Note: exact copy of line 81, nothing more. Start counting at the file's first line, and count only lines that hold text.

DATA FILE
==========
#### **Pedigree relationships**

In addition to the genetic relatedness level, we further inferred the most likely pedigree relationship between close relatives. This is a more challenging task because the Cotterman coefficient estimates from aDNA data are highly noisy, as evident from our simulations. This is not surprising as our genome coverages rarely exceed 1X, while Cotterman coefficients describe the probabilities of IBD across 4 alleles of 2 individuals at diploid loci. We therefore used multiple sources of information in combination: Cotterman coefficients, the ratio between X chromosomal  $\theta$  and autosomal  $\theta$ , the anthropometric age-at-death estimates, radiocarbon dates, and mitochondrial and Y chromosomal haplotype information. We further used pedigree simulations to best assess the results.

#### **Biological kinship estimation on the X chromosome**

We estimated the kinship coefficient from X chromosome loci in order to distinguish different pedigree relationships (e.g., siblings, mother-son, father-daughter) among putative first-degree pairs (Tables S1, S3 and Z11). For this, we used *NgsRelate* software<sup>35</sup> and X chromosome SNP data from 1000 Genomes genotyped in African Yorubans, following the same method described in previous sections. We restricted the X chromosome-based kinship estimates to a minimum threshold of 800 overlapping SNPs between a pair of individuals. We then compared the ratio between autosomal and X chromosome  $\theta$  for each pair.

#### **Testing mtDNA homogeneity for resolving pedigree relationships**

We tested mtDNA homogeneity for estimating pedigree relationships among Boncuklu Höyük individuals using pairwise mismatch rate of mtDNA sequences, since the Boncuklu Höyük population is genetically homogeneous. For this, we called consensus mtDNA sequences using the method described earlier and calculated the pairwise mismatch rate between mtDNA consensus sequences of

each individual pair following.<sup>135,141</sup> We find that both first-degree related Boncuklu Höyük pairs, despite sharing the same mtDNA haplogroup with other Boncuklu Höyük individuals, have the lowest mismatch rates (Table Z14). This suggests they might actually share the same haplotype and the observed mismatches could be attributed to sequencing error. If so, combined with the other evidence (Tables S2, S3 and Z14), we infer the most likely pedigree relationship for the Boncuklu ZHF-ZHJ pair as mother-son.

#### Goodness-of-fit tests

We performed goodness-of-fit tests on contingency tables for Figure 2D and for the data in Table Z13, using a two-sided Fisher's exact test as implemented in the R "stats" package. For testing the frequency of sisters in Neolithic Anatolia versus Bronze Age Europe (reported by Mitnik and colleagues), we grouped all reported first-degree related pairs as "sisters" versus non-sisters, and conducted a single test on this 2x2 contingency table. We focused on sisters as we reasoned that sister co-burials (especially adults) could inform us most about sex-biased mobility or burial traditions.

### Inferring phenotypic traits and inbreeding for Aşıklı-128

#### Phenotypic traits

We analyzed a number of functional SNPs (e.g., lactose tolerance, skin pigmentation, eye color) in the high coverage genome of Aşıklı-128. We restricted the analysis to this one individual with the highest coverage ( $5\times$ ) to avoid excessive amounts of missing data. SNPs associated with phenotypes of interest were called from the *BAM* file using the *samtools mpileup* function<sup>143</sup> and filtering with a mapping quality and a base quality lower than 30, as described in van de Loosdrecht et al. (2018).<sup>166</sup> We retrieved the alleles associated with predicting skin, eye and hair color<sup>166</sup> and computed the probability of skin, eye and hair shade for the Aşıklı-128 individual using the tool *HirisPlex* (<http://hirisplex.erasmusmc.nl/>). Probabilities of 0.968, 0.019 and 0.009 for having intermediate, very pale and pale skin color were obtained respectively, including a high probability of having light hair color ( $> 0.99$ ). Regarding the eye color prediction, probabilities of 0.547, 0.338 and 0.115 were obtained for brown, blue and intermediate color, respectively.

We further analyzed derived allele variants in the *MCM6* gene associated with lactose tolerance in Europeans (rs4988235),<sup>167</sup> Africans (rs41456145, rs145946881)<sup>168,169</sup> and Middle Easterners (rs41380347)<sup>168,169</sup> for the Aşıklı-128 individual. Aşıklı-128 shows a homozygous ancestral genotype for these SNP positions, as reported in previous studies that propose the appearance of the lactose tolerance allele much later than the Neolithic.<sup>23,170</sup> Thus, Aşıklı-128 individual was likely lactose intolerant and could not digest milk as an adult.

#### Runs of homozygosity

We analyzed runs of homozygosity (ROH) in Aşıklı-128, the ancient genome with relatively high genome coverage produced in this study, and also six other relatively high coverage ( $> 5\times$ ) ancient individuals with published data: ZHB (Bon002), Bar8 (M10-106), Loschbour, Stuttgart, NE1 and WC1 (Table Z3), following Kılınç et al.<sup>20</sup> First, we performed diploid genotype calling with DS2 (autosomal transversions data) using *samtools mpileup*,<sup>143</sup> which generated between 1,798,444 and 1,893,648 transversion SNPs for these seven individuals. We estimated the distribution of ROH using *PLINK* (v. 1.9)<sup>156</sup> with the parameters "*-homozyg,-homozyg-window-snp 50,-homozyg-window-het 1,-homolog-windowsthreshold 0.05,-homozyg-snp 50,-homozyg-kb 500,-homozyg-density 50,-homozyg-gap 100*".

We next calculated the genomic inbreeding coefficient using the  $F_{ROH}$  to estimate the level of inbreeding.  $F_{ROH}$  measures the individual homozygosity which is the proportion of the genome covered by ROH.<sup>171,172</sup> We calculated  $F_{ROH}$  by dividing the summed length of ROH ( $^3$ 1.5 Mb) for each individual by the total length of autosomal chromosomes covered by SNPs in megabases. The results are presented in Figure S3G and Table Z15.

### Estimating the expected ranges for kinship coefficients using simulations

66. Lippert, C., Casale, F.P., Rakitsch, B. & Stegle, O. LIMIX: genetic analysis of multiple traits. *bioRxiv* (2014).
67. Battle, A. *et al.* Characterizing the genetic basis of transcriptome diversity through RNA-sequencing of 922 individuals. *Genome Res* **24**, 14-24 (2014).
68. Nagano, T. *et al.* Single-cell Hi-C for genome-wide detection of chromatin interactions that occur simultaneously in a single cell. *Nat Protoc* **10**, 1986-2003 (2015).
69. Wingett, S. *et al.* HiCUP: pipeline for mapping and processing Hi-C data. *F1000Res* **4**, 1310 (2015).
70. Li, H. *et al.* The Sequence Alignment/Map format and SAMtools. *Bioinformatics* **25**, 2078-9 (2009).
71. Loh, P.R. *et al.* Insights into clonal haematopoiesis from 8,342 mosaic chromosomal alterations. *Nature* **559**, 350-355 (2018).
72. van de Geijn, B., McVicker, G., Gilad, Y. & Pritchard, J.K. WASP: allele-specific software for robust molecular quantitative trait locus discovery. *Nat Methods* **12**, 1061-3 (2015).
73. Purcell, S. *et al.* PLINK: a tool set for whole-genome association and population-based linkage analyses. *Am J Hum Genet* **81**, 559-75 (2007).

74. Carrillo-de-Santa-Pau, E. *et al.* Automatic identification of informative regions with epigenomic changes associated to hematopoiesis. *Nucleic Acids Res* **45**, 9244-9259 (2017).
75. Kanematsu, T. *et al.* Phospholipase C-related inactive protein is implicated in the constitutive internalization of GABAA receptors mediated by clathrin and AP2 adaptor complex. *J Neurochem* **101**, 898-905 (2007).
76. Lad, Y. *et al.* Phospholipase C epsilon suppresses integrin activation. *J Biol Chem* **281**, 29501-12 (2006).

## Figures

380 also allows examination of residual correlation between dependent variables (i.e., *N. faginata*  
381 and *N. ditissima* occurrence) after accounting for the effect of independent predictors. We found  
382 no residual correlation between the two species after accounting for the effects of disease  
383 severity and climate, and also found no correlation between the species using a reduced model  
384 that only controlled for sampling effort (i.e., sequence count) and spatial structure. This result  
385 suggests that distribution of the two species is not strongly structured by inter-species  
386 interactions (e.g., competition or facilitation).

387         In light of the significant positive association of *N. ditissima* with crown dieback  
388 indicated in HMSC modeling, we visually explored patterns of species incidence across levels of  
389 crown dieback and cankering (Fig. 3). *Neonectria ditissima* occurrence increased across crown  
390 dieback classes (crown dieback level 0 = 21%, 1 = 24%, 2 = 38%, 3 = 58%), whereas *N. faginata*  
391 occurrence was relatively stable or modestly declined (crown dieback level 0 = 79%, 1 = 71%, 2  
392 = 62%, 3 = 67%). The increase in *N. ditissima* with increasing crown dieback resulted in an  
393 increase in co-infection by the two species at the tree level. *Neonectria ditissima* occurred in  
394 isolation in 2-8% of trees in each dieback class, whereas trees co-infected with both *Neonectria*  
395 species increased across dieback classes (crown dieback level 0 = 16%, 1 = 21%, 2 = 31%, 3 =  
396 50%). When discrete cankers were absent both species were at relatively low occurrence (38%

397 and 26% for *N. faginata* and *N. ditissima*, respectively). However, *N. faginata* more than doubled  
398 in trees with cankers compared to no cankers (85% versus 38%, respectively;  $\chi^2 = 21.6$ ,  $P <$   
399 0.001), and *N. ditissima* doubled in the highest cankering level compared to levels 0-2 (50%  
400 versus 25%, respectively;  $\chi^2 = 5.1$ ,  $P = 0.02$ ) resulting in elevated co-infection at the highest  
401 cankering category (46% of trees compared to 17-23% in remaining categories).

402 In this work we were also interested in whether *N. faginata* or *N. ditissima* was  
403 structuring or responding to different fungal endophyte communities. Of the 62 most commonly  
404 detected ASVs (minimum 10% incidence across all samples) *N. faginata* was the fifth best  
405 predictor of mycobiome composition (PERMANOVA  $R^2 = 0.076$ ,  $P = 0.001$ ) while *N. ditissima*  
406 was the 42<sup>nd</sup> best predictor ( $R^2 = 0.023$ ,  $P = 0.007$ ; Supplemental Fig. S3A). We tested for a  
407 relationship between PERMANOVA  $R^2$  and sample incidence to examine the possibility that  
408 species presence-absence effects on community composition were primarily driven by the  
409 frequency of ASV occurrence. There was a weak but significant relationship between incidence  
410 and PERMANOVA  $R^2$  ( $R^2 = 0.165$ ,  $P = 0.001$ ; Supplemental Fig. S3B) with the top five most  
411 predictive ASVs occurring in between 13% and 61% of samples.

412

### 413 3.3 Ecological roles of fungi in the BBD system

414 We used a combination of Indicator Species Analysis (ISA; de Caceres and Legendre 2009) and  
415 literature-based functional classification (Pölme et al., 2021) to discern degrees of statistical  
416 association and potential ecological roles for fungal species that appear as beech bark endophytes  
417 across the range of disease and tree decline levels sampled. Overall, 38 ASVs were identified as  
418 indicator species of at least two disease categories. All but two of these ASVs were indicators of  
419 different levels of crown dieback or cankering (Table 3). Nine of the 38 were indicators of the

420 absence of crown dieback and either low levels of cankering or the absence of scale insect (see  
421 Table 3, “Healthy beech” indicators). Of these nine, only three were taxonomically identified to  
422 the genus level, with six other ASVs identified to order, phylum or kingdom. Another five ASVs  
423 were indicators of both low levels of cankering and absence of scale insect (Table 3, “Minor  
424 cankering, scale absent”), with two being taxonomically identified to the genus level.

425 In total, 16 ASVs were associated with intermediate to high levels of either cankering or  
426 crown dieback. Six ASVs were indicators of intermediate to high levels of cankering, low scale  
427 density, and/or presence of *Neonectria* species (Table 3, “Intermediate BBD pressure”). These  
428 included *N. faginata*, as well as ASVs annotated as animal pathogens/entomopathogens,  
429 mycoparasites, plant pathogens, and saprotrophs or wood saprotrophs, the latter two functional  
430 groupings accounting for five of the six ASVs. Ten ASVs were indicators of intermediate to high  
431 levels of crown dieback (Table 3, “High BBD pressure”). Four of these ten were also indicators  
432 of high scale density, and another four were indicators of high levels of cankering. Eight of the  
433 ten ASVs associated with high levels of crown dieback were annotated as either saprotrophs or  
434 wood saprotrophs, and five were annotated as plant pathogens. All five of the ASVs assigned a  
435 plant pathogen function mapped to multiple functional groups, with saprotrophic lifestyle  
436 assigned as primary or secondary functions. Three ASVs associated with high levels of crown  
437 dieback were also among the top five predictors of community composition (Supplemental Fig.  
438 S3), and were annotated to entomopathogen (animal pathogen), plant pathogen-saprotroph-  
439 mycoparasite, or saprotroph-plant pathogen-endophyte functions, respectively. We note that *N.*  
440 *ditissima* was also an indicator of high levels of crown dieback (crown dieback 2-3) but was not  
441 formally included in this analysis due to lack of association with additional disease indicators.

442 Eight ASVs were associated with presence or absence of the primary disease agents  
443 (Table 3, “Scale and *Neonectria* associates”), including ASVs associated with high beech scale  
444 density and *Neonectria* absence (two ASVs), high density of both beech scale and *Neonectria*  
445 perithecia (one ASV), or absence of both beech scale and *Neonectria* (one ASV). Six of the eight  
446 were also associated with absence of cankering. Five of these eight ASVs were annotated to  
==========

431 levels of crown dieback (Table 3, “High BBD pressure”). Four of these ten were also indicators  